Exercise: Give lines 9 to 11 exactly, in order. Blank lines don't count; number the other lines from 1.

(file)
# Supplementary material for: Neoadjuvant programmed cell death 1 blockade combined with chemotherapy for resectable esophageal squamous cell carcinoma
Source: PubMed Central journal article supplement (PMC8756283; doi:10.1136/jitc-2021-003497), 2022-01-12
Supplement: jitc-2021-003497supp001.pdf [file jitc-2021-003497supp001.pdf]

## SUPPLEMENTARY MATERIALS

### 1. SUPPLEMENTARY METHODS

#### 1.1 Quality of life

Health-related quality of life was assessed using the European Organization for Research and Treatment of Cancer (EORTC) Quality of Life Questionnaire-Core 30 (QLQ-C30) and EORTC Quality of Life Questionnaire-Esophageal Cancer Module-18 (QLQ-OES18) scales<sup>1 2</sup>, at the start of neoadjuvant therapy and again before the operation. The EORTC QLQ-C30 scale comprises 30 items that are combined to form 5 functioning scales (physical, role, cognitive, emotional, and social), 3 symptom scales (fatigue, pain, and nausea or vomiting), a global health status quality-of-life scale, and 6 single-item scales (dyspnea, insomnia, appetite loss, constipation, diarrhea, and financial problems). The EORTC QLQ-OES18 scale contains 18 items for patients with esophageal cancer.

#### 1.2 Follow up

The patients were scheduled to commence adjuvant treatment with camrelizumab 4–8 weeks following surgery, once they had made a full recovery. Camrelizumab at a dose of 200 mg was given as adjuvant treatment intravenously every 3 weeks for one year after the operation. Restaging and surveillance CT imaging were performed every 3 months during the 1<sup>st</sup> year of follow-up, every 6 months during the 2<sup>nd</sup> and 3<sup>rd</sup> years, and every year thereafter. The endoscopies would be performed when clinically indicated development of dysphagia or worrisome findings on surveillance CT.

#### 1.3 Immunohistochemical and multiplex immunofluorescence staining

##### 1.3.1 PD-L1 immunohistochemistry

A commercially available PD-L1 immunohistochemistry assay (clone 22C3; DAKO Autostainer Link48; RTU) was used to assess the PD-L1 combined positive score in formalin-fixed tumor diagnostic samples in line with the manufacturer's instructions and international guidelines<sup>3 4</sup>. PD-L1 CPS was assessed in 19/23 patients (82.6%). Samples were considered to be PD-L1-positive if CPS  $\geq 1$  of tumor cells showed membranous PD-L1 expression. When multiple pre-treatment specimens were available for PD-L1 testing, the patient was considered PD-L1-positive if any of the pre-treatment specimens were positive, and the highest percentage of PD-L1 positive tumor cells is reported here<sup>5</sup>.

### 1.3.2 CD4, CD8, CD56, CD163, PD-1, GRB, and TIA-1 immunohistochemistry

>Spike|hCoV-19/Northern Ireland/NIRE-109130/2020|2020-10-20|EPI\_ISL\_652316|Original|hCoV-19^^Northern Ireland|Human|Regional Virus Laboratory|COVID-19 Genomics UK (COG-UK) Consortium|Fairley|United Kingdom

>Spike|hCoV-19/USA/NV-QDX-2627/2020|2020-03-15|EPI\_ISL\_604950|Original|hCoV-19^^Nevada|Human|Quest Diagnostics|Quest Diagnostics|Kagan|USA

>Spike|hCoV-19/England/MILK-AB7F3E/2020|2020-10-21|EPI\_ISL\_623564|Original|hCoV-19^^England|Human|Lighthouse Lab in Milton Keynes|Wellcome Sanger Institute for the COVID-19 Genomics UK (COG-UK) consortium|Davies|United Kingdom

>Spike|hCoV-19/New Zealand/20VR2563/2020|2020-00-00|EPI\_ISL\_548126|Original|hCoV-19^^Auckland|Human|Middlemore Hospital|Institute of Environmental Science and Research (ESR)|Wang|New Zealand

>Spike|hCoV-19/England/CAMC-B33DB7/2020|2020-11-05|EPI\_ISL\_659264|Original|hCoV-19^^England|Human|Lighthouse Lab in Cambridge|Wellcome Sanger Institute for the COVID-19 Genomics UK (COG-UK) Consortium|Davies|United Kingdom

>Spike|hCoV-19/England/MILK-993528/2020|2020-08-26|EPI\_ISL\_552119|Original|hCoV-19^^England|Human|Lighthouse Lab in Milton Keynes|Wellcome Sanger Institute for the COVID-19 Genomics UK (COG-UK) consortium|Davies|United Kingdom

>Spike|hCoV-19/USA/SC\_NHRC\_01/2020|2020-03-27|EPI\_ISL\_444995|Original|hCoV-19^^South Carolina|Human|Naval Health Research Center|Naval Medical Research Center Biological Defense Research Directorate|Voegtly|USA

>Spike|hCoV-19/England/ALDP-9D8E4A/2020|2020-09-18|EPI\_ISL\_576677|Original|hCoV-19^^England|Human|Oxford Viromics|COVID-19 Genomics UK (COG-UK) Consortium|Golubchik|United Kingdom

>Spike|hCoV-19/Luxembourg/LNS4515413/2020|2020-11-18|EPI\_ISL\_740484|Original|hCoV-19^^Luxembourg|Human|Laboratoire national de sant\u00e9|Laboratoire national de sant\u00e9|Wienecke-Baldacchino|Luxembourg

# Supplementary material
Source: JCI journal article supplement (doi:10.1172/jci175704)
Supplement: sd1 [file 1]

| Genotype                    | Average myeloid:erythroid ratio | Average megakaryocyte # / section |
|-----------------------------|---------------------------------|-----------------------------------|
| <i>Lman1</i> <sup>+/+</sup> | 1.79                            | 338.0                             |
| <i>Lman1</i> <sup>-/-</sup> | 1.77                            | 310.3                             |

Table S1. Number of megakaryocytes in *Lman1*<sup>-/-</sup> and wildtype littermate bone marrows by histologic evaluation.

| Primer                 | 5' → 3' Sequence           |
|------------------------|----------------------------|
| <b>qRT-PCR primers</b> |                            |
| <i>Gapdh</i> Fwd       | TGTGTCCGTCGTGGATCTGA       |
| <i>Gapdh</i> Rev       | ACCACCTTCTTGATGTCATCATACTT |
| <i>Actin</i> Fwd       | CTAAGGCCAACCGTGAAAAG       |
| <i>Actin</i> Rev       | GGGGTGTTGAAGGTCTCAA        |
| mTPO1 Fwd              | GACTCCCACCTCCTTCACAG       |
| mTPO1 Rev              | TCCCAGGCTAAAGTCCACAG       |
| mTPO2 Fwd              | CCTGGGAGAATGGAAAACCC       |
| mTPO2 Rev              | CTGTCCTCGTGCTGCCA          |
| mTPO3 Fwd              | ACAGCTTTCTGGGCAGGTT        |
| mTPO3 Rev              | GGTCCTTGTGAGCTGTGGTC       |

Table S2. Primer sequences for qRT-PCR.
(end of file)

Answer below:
The patients were scheduled to commence adjuvant treatment with camrelizumab 4–8 weeks following surgery, once they had made a full recovery. Camrelizumab at a dose of 200 mg was given as adjuvant treatment intravenously every 3 weeks for one year after the operation. Restaging and surveillance CT imaging were performed every 3 months during the 1<sup>st</sup> year of follow-up, every 6 months during the 2<sup>nd</sup> and 3<sup>rd</sup> years, and every year thereafter. The endoscopies would be performed when clinically indicated development of dysphagia or worrisome findings on surveillance CT.

#### 1.3 Immunohistochemical and multiplex immunofluorescence staining

##### 1.3.1 PD-L1 immunohistochemistry